hide Matching Documents

The documents where this entity occurs most often are shown below. Click on a document to open it.

Document Max. Freq Min. Freq
Flavius Josephus, Against Apion (ed. William Whiston, A.M.) 40 0 Browse Search
Polybius, Histories 36 0 Browse Search
C. Julius Caesar, Commentaries on the Civil War (ed. William Duncan) 24 0 Browse Search
Cornelius Tacitus, The History (ed. Alfred John Church, William Jackson Brodribb) 20 0 Browse Search
Pausanias, Description of Greece 16 0 Browse Search
Vitruvius Pollio, The Ten Books on Architecture (ed. Morris Hicky Morgan) 16 0 Browse Search
M. Tullius Cicero, Orations, Three orations on the Agrarian law, the four against Catiline, the orations for Rabirius, Murena, Sylla, Archias, Flaccus, Scaurus, etc. (ed. C. D. Yonge) 14 0 Browse Search
C. Suetonius Tranquillus, The Lives of the Caesars (ed. Alexander Thomson) 12 0 Browse Search
C. Suetonius Tranquillus, The Lives of the Caesars (ed. Alexander Thomson) 10 0 Browse Search
M. Tullius Cicero, Orations, The fourteen orations against Marcus Antonius (Philippics) (ed. C. D. Yonge) 10 0 Browse Search
View all matching documents...

Browsing named entities in Polybius, Histories. You can also browse the collection for Alexandria (Egypt) or search for Alexandria (Egypt) in all documents.

Your search returned 18 results in 17 document sections:

1 2
Polybius, Histories, book 2, Defeat of Cleomenes (search)
sition. A recall was sounded on the bugle for the light-armed troops of both sides, who were on the ground between the two armies: and the phalanxes shouting their war cries, and with spears couched, charged each other. Then a fierce struggle arose: the Macedonians sometimes slowly giving ground and yielding to the superior courage of the soldiers of Sparta, and at another time the Lacedaemonians being forced to give way before the overpowering weight of the Macedonian phalanx. At length Antigonus ordered a charge in close order and in double phalanx; the enormous weight of this peculiar formation proved sufficient to finally dislodge the Lacedaemonians from their strongholds, and they fled in disorder and suffering severely as they went. Cleomenes himself, with a guard of cavalry, effected his retreat to Sparta: but the same night he went down to Gythium, where all preparations for crossing the sea had been made long before in case of mishap, and with his friends sailed to Alexandria.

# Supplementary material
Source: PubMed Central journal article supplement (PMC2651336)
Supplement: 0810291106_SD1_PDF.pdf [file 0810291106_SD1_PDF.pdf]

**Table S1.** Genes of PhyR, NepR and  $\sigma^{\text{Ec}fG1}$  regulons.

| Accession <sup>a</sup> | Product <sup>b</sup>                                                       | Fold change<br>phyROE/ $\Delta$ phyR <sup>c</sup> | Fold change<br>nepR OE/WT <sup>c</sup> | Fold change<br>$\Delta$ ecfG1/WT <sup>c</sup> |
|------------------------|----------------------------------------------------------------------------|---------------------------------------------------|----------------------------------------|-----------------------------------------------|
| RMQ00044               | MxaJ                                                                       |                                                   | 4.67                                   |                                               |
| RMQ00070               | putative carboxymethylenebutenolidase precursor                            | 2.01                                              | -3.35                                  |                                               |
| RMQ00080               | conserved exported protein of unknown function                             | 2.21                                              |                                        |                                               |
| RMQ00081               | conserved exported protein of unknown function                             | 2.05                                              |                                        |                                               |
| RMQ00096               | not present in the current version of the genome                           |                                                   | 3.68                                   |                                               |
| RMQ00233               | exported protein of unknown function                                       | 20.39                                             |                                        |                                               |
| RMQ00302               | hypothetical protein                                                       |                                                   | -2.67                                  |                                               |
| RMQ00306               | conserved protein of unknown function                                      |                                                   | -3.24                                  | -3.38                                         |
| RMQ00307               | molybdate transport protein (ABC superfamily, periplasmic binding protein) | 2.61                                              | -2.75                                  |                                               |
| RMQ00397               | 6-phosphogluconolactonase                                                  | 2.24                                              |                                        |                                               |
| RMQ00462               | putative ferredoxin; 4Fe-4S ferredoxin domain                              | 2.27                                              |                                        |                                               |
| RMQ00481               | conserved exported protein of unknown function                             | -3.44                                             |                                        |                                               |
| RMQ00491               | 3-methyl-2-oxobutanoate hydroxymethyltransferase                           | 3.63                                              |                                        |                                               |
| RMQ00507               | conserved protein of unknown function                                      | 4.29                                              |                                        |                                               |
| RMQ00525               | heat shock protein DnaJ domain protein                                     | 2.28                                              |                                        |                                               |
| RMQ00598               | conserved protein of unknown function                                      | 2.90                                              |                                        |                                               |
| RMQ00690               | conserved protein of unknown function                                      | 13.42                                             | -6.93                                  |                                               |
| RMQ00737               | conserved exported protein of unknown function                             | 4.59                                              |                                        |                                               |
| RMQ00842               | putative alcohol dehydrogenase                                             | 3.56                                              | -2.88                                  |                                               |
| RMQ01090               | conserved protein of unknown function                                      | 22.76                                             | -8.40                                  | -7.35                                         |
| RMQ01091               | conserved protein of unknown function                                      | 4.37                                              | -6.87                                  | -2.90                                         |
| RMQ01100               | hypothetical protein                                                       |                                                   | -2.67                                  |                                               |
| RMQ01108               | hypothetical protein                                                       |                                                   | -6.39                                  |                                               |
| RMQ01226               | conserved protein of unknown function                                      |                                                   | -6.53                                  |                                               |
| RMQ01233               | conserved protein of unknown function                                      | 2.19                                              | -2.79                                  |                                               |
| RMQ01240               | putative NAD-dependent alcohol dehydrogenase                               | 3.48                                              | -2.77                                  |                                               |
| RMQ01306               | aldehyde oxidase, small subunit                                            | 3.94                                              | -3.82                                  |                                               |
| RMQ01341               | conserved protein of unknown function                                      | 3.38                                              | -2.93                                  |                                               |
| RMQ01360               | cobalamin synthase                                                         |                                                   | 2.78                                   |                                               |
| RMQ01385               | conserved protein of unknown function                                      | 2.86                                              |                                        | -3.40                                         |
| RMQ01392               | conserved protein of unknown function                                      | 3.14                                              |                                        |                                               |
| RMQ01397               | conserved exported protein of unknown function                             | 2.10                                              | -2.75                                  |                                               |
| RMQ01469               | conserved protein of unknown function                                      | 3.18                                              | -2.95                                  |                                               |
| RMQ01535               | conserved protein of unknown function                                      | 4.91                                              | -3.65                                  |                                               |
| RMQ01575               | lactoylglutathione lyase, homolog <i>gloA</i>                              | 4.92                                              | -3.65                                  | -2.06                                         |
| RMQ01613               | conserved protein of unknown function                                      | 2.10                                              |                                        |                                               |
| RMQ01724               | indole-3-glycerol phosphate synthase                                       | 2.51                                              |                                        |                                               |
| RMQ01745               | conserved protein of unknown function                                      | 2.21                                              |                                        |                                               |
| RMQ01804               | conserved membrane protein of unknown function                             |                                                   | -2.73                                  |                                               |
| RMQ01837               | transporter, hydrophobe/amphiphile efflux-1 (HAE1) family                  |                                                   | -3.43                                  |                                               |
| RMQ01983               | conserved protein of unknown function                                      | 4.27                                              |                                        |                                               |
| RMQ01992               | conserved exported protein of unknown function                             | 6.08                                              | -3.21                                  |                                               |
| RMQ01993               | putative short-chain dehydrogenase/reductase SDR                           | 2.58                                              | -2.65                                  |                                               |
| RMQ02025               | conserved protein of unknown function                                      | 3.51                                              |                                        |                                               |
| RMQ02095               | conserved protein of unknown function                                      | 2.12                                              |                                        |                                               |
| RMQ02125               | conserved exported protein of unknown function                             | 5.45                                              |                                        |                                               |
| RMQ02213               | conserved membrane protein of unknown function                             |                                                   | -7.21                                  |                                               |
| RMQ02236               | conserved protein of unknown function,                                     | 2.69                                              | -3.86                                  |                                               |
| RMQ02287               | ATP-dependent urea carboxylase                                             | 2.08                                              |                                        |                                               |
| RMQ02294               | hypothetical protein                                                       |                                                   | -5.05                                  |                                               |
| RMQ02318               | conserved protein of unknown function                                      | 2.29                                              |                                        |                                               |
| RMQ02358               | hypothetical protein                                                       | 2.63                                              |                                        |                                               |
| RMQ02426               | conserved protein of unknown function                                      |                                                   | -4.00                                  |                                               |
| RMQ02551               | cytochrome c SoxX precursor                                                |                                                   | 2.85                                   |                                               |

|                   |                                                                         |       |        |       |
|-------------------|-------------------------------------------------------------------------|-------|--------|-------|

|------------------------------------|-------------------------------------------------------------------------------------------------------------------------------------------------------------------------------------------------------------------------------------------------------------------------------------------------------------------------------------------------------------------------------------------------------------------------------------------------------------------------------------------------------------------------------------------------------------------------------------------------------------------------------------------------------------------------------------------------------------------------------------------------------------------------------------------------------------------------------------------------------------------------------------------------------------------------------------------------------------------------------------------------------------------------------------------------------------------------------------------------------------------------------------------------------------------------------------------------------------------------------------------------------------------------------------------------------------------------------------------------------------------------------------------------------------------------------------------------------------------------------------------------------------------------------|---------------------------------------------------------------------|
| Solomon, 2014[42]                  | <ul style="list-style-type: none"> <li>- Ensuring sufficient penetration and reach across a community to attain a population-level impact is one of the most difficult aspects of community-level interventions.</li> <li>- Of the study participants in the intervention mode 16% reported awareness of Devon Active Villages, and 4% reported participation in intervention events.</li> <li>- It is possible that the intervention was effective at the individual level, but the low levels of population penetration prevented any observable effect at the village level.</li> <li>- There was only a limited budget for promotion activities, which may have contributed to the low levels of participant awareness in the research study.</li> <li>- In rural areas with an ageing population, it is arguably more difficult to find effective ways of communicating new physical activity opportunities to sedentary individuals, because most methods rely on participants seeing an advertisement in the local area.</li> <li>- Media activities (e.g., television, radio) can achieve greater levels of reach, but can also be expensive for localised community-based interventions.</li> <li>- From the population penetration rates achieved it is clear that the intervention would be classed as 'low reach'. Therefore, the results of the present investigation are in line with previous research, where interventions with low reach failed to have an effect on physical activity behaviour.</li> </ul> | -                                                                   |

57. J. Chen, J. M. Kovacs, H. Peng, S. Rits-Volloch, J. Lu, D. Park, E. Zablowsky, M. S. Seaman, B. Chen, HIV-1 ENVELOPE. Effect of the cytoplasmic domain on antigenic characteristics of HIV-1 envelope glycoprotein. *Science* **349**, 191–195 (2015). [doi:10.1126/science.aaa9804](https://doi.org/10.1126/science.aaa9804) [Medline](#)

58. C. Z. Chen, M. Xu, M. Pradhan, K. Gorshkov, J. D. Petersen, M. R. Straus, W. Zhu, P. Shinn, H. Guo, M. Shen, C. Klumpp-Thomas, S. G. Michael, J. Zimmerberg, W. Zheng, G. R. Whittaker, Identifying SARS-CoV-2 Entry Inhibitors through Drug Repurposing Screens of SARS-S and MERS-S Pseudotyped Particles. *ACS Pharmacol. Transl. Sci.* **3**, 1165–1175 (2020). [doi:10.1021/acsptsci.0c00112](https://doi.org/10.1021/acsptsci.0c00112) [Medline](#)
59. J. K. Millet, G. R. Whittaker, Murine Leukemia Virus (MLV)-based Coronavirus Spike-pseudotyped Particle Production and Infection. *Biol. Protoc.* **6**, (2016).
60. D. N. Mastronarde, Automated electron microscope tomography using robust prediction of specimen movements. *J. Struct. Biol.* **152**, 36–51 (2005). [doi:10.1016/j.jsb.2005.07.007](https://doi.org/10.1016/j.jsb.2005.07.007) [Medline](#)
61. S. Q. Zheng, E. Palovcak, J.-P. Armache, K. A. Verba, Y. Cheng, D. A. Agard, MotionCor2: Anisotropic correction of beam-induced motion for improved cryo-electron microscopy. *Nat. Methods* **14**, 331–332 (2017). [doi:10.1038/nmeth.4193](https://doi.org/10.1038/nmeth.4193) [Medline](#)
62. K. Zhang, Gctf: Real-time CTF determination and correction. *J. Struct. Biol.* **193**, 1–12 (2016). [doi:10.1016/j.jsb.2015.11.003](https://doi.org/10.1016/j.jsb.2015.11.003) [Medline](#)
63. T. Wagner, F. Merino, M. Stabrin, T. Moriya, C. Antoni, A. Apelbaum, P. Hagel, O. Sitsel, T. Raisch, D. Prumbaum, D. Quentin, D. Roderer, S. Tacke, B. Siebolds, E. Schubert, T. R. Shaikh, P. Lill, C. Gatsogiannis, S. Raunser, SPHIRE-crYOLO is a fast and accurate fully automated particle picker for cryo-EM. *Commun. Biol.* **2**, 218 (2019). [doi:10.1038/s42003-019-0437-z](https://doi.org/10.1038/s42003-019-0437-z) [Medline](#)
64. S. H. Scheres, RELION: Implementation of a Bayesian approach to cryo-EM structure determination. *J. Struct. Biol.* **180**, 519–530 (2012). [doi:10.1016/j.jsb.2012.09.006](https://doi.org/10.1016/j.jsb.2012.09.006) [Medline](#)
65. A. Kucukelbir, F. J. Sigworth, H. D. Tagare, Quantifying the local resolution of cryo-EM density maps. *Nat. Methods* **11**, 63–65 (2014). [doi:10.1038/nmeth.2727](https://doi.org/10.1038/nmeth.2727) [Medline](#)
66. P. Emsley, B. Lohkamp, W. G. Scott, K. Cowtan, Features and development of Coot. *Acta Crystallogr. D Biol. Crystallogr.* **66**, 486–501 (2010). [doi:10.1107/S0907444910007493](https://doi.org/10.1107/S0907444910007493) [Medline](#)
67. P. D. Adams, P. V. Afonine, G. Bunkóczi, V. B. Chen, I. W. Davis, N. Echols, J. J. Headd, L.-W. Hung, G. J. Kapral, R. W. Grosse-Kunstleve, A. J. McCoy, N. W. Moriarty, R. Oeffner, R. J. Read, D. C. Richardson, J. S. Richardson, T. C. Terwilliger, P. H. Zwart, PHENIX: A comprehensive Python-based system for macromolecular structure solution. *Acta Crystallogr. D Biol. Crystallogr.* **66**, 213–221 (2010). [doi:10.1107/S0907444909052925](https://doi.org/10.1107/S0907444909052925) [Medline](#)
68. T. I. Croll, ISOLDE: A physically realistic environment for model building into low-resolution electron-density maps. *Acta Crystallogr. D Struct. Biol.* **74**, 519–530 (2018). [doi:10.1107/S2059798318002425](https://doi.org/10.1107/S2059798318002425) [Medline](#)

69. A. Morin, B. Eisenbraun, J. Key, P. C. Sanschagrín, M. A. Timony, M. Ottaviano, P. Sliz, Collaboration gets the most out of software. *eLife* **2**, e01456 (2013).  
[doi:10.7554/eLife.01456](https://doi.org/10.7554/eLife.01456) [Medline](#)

Polybius, Histories, book 4, Byzantium, Rhodes, and Prusias Treaties (search)
Byzantium, Rhodes, and Prusias Treaties But seeing the confident spirit of the Byzantines, the The Rhodians secure the friendship of Achaeus. Rhodians adopted an exceedingly able plan to obtain their object. They perceived that the resolution of the Byzantines in venturing on the war rested mainly on their hopes of the support of Achaeus. Now they knew that the father of Achaeus was detained at Alexandria, and that Achaeus was exceedingly anxious for his father's safety: they therefore hit upon the idea of sending an embassy to Ptolemy, and asking him to deliver this Andromachus to them. This request, indeed, they had before made, but without laying any great stress upon it: now, however, they were genuinely anxious for it; that, by doing this favour to Achaeus, they might lay him under such an obligation to them, that he would be unable to refuse any request they might make to him. When the ambassadors arrived, Ptolemy at first deliberated as to detaining Andromachus; because there s
Polybius, Histories, book 5, Leontius, Megaleas, and Ptolemy Rouse the Guard (search)
emy Rouse the Guard Leontius, Megaleas, and Ptolemy, being still persuaded that they could frighten Philip, and thus neutralise their former failures, took this opportunity of tampering with the peltasts, and what the Macedonians call the Agema,The Guard. The word agema properly means the leading corps in an army; but it obtained this technical meaning in the Macedonian army (see Arrian, 1, 1, 11), whence it was used in other armies also founded on the Macedonian model, as for instance in Alexandria (see infra, ch. 65). by suggesting to them that they were risking their all, and getting none of their just rights, nor receiving the booty which, according to custom, properly fell to their share. Treason of Megaleas and Ptolemy. By these words they incited the young men to collect together, and attempt to plunder the tents of the most prominent of the king's friends, and to pull down the doors, and break through the roof of the royal headquarters. The whole city being thereby in a state
Polybius, Histories, book 5, Cleomenes Asks for Help from Egypt (search)
steps. But upon that monarch's death, seeing that the time was slipping away, and that the peculiar position of affairs in Greece seemed almost to cry aloud for Cleomenes,—for Antigonus was dead, the Achaeans involved in war, and the Lacedaemonians were at one with the Aetolians in hostility to the Achaeans and Macedonians, which was the policy originally adopted by Cleomenes,—then, indeed, he was actually compelled to use some expedition, and to bestir himself to secure his departure from Alexandria. First therefore, in interviews with the king, he urged him to send him out with the needful amount of supplies and troops; but not being listened to in this request, he next begged him earnestly to let him go alone with his own servants; for he affirmed that the state of affairs was such as to show him sufficient opportunities for recovering his ancestral throne. The king, however, for the reasons I have mentioned, taking absolutely no interest in such matters, nor exercising any foresigh
Polybius, Histories, book 5, Sosibius Plots Against Cleomenes (search)